1. the toxic can continue unchanged as an ingredient in a product,
  2. the toxic can be transformed into another chemical product, (i.e. consumed).
  3. the toxic can wind up in the waste stream as a release or transfer on or off-site.

TRI does already measure the components of the waste stream, but it does not currently address toxics that are consumed or continued into products. The value of current TRI data elements for measuring source reduction is discussed in greater detail in a following section. In sum, the PPA itself provides an important framework for looking at P2 measurement needs. To quantify source reduction, some form of information is needed on toxic chemical inputs, waste stream data (already in hand from TRI), and output data addressing toxics consumed during product creation along with those that continue into products. It is important to note that these data needs generally coincide with the information provided by materials accounting. EPA is interested in hearing from stakeholders on how they view this series of conclusions, or other possible interpretations on P2 measurement needs derived from the PPA.

* Product issues are important and are very relevant to tracking source reduction.

As described above, product data are necessary for measuring facility-level P2 efforts. In addition, products can have environmental impacts once they leave the facility. In some cases, it may be waste streams at the consumer level that pose the greatest challenges for reducing the entry of a toxic material into the environment. The important role of products is reflected in the increasing use of life cycle assessment/management programs. Several methodologies exist, but all include a broader view of pollution prevention that looks beyond the factory site to analyze all stages of product life, from raw materials acquisition to manufacturing to use and service, to product retirement and disposal. Life-cycle evaluations explicitly recognize that the product must be followed beyond the plant gates in order to have a complete understanding of the potential for pollution. In a similar vein, the goal of product stewardship programs is to continually improve the design and environmental performance of products, and to extend producer responsibility beyond the manufacturing plant to influence product use, recycling, and disposal by customers.

EPA believes that P2 performance should not be limited to the factory site. The PPA defines source reduction as reducing the "amount of any hazardous substance, pollutant, or contaminant entering any waste stream or otherwise released into the environment.." (emphasis added) and includes reformulation or redesign of products among source reduction techniques. P2 improvements in products can reduce releases and affect waste disposal practices at the facility of origin, at downstream commercial customers, all the way to consumers as well. TRI captures the releases and wastes that occur when products are used at downstream reporting industrial facilities. However, it does not address the potential for "deferred" releases and wastes at the consumer level.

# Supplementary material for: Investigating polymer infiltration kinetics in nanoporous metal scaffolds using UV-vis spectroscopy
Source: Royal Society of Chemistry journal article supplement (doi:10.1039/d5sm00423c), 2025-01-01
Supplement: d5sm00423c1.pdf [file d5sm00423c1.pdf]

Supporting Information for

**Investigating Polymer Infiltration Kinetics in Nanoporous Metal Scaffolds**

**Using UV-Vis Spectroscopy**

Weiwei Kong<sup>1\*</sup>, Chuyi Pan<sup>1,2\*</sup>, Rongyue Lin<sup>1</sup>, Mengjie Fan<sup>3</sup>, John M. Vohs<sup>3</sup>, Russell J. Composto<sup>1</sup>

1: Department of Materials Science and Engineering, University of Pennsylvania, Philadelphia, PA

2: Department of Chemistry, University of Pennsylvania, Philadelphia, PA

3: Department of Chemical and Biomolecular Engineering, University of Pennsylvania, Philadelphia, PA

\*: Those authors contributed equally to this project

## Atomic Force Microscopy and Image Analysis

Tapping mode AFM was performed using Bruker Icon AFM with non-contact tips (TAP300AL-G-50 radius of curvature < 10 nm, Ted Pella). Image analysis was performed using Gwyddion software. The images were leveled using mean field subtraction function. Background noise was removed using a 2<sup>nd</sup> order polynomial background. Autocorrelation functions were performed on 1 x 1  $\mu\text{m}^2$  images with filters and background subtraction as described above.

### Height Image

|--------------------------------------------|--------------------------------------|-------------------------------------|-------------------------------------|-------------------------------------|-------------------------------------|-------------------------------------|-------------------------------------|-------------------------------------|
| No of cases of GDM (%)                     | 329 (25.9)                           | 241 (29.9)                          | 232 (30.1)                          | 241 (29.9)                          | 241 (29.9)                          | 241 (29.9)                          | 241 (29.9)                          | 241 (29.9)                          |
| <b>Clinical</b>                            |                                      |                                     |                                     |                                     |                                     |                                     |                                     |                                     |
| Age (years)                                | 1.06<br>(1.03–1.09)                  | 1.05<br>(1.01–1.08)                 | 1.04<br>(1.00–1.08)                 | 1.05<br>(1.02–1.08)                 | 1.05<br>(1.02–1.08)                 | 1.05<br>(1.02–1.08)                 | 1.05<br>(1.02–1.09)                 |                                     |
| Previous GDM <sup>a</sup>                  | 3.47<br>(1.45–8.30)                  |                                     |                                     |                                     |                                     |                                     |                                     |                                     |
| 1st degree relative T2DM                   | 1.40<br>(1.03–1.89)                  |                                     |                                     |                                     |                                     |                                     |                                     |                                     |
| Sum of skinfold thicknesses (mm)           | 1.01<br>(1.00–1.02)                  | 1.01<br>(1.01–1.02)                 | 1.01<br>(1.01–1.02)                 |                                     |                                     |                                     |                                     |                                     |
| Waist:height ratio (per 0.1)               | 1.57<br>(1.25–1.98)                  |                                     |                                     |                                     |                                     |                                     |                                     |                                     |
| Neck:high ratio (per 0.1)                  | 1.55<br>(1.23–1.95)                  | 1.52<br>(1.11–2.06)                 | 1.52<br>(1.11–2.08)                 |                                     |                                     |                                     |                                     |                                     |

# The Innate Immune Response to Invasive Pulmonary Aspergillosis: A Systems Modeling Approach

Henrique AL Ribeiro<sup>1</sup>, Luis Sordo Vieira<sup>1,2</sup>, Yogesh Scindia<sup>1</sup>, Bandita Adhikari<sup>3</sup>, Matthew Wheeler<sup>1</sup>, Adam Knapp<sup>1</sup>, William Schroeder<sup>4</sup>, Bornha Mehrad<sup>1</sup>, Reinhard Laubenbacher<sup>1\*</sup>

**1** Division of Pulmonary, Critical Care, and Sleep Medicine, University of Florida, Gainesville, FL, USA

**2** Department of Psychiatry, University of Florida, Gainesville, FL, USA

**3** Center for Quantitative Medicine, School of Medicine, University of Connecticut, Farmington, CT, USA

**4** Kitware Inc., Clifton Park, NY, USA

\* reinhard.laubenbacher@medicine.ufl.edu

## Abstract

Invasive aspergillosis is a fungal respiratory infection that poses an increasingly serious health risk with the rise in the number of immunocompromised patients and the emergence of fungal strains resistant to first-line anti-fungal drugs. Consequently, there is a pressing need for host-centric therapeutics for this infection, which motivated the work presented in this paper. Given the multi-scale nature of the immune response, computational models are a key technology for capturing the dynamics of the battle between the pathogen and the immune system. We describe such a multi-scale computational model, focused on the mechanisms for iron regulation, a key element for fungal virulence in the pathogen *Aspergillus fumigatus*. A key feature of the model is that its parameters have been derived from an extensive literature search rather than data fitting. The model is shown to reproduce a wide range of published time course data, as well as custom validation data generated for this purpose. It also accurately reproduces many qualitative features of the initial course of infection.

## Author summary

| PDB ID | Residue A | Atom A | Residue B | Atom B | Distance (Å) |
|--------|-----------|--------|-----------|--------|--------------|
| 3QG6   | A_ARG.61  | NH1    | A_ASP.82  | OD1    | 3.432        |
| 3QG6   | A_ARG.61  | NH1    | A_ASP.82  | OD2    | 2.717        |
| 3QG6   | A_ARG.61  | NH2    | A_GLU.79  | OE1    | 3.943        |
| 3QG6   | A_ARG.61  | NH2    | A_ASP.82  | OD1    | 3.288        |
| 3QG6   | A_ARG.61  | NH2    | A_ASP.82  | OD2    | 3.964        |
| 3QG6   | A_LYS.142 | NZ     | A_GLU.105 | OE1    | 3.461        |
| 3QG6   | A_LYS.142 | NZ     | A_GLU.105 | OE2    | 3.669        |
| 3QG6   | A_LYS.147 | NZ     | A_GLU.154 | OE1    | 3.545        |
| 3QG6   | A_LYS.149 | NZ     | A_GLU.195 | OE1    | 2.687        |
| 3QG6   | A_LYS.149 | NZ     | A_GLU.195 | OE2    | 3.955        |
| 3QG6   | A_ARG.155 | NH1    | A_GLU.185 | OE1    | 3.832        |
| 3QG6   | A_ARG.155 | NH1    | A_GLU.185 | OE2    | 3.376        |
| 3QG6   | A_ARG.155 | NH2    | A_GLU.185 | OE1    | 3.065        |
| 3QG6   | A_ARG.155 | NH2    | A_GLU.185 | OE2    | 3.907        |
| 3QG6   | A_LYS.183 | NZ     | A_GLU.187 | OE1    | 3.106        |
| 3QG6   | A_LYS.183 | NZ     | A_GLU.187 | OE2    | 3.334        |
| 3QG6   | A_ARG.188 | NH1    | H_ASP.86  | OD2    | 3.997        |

One illustration of the importance of products is the case of mercury used in batteries. While batteries do not involve exposure to consumers, the overall contribution made by discarded batteries to the waste stream is significant, far outweighing the contribution of the industrial facilities where the batteries are manufactured. A major P2 effort by battery manufacturers has been to redesign batteries to reduce the need for mercury. According to data from the National Electrical Manufacturers Association, use of mercury in batteries declined 92%, from 778 tons in 1984 to 62 tons in 1990 (EPA, 1991). While the data were provided in this case, they are not typically available, and the genesis of such data are not readily "reviewable" by the public.

Another example involving ozone depleting chemicals can be taken from the INFORM Toxics Watch 95 review of New Jersey MA data. Ozone depleters are being phased out by various deadlines mandated by the Clean Air Act and the Montreal Protocol and the example provides insights into how national level product data could be useful. INFORM found 131 forms reporting on ozone depleters for 1992. Of the 124,174,299 pounds of input statewide, only 3% ended up as waste (3,835,893 lbs). This compares favorably with the state TRI chemical average of 33% of input as waste for all TRI chemicals. However, the destination of 58% (71,571,546 pounds) of the input amount was to products containing the ozone depleters. This amount is much larger than the waste volume, and it helps to show that the product life cycle needs to be followed for a comprehensive picture of overall releases and wastes.

The product stream data alone does not allow one to determine the amount of deferred releases and waste streams or the types, characteristics, and names of the products involved. But together with other information such as the volatility of the substances and the identity of the facilities reporting products, one can pursue the issue to eventually estimate total releases, or to track facility performance with the phase-out requirements. If the data indicate that a particular toxic is not found in the product stream, one can confidently rule out the need to evaluate product issues further. If toxics are reported in the product stream, one has the screening level information and context for prioritizing the role of products, improved ability to focus additional questions, and a roadmap for finding the answers.